Interactive Variations: OBF launches new site

  • Jun 12, 2012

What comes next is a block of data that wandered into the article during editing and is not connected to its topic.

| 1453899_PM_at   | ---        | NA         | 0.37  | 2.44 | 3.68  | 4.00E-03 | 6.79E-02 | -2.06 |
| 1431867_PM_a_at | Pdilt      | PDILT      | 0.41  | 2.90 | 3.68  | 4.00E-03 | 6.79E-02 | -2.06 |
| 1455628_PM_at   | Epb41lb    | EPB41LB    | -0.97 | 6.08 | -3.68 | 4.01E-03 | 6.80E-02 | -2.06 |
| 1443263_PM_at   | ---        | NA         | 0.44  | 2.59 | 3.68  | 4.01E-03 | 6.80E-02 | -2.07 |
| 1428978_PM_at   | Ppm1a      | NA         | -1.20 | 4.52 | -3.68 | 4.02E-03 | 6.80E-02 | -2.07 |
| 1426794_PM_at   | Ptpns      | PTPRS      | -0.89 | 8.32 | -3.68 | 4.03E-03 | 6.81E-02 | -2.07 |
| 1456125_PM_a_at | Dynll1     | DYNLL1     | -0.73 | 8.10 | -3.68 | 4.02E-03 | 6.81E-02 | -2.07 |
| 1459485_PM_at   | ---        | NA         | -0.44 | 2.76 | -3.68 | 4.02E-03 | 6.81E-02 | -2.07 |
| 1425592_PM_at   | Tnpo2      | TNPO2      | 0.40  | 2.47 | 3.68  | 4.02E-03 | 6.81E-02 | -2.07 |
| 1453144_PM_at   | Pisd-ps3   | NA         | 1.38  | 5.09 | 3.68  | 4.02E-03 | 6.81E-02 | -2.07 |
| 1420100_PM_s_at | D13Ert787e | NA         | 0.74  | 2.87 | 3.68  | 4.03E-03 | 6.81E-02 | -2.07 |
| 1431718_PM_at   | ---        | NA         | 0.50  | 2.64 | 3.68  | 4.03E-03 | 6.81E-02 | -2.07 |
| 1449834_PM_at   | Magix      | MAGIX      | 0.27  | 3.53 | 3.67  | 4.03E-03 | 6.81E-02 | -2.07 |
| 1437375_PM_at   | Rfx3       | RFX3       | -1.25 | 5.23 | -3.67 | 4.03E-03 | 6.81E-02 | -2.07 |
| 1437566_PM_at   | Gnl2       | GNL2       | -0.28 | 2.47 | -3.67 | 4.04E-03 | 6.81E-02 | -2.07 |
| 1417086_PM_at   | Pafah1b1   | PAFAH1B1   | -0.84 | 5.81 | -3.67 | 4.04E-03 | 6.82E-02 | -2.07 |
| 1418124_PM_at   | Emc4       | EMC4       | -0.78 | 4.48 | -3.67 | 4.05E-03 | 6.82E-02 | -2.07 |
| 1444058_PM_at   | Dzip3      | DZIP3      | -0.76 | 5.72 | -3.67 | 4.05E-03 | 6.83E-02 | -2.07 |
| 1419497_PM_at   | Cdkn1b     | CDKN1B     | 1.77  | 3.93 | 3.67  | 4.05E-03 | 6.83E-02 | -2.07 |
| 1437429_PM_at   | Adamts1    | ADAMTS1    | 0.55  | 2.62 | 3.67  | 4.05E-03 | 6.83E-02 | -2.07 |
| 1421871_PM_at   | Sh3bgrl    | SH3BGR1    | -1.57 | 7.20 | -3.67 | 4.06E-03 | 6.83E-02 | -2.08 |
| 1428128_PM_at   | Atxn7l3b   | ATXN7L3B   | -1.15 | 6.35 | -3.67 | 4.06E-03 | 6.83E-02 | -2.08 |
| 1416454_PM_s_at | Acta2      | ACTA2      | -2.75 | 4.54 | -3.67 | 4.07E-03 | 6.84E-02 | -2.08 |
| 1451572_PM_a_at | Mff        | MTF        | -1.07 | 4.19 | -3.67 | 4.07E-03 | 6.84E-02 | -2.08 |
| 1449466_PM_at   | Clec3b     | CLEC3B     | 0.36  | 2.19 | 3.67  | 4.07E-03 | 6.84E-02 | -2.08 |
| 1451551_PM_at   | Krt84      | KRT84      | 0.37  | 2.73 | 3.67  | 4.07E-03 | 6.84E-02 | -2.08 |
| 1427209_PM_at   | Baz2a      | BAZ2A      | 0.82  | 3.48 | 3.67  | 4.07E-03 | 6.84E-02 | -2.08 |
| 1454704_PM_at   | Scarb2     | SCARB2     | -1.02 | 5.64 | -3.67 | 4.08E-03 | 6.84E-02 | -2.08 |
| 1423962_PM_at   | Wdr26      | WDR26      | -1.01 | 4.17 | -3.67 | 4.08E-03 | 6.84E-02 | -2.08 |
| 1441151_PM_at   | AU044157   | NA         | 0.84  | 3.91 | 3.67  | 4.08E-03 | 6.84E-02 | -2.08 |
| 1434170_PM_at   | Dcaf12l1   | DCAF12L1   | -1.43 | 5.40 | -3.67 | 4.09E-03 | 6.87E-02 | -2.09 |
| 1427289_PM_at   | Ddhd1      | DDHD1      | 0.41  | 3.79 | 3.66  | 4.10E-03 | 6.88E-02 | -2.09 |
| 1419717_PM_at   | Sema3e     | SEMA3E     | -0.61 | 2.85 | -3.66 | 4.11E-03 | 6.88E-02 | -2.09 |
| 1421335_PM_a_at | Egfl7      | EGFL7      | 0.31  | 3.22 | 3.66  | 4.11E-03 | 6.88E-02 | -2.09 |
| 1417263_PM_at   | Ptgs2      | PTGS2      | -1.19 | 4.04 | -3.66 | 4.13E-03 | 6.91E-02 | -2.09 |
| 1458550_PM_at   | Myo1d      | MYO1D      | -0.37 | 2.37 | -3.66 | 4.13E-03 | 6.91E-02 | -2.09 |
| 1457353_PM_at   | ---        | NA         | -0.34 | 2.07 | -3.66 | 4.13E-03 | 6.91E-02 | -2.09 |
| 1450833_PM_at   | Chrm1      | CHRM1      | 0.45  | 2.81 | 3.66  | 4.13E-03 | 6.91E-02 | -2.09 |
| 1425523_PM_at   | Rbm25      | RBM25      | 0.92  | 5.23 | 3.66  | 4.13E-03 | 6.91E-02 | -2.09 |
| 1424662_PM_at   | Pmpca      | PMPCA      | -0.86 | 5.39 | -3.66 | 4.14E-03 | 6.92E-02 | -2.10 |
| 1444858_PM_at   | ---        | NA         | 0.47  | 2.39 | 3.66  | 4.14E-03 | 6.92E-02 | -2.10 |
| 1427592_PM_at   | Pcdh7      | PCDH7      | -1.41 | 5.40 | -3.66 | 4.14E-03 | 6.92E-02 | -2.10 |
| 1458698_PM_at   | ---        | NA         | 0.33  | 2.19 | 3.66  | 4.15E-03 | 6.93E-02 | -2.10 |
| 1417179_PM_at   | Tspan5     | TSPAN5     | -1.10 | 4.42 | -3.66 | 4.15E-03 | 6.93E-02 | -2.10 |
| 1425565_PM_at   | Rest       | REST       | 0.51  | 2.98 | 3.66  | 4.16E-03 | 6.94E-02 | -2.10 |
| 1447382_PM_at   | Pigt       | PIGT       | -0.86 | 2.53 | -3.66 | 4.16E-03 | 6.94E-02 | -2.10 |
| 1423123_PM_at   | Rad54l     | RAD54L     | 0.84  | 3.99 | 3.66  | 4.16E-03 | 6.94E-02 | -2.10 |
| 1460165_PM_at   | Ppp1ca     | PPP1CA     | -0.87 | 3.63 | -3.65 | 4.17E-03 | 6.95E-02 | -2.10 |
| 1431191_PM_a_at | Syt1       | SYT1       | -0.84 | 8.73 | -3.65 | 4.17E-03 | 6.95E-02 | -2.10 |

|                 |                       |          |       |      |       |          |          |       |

The Oregon Bach Festival's new, in-depth interactive exploration of J.S. Bach’s Goldberg Variations takes listeners to places they’ve never been before—at least among places on the Internet. Now online at DigitalBach.com, Cuepoints: The Goldberg Variations is the work of scholars, artists, and performers. It integrates two world-class recordings—including a harpsichord performance by Matthew Halls, the Oregon Bach Festival’s artistic director designate—a fully annotated, movement-by movement analysis, and a follow-along, animated first-edition score, all of which enable viewers to experience the fullest scope of this pinnacle of the theme-and-variations form. The new Goldberg Variations chapter augments the current site’s trailblazing score analysis and HD video performances of Helmuth Rilling’s 2010 OBF lecture-concerts of the Bach B Minor Mass. At the heart of the Goldberg treasure is a Flash animation component developed and programmed by music theorist Tim Smith, a D.M.A. graduate of the University of Oregon’s music school and a member of the music faculty of Northern Arizona University. The June 12 launch of the site is part of the Oregon Bach Festival’s celebration of the Goldbergs as one its major 2012 concert themes, spurred by the double anniversary year of Glenn Gould (1932-1982) the enigmatic pianist so closely associated with the Variations. This celebration begins with four concerts (in four cities) by the Portland Baroque Orchestra of Dmitri Sitkovetsky’s string arrangement and ends with the work in piano recital by Angela Hewitt (sold out). It also includes the Hinkle Seminar panel presentation by Halls, Hewitt, and Smith, and a week-long run of two award-winning films at Eugene’s Bijou Art Cinemas, Thirty Two Short Films About Glenn Gould, and The Genius Within. “Certainly, the new site serves as a brilliant entry to this summer’s concerts,” said John Evans, OBF President and Executive Director. “Yet we have always had education at our core. Tim’s site continues that tradition. It offers the latest scholarship on the Variations in a way that can be accessible to anyone, with any level of experience, anywhere in the world, at any time, in a way that illuminates Bach’s genius.” In Bach’s great work, which he originally published as the fourth volume of a comprehensive keyboard practice, he applied all the styles, hues, and effects of his rich compositional palette. Its thirty variations are in sets of threes, with each set containing a dance-like character piece, a virtuoso variation, and, in tribute to the contrapuntal styles of his predecessors, a canon. Smith’s Cuepoints site parallels the tripartite form in its own content and graphic design, with performances on three different keyboard instruments situated in three rooms. Within each are clickable notes, essays, graphics, and videos on such topics as the work’s origins and how it gained its title, the work as a dance and as a love story, and the intricacies of its counterpoint. In two rooms, Bach’s monogram serves a compass that, when clicked, points to each movement’s characteristics and detailed synopsis. After entering the site, users can choose a room and follow the score with performance on harpsichord by Halls, the founding director of the London-based Retrospect Ensemble; on piano by David Korevaar, a concert pianist on faculty at University of Colorado at Boulder; or on synthesizer by Jeffrey Hall, an astronomer and avocational organist. The manuscript score, contributed to the project by musicologist Yo Tomita of Queen’s University, Belfast, is a photo facsimile of a 1741 first-edition copy that was once owned by Bach’s first biographer, Johann Nicolaus Forkel. [caption id="attachment_8131" align="alignleft" width="138" caption="Tim Smith"][/caption] “I’m indebted to all the contributors,” said Smith. “It was such a privilege to work with such beautiful performances by Matthew, David, and Jeffrey. Still, there is much to learn,” he said. “One could no doubt pick a page at random and write another entire study of the Goldberg’s magnificent counterpoint.” The Goldberg component is the second of Bach masterworks explored on the Digital Bach site. The site was initiated in June 2011 with the B Minor Mass, containing Smith’s score animation, a four-part video of Helmuth Rilling’s lecture concerts (filmed in high definition in the UO’s Beall Concert Hall during the 2010 OBF), and a video look at Rilling’s OBF master class. Rilling’s four St. Matthew Passion lecture-concerts July 2-12 during the upcoming OBF will be taped for inclusion on the next iteration of the Digital Bach site in 2013. The Hinkle Charitable Foundation provides principle funding for the site. Its chairman, Hal Hinkle, is an alumnus of the OBF conducting master class. Other Digital Bach Project partners include the Oregon Bach Festival, the University of Oregon, Northern Arizona University, and Hanssler Classic records. >> More: artist biographies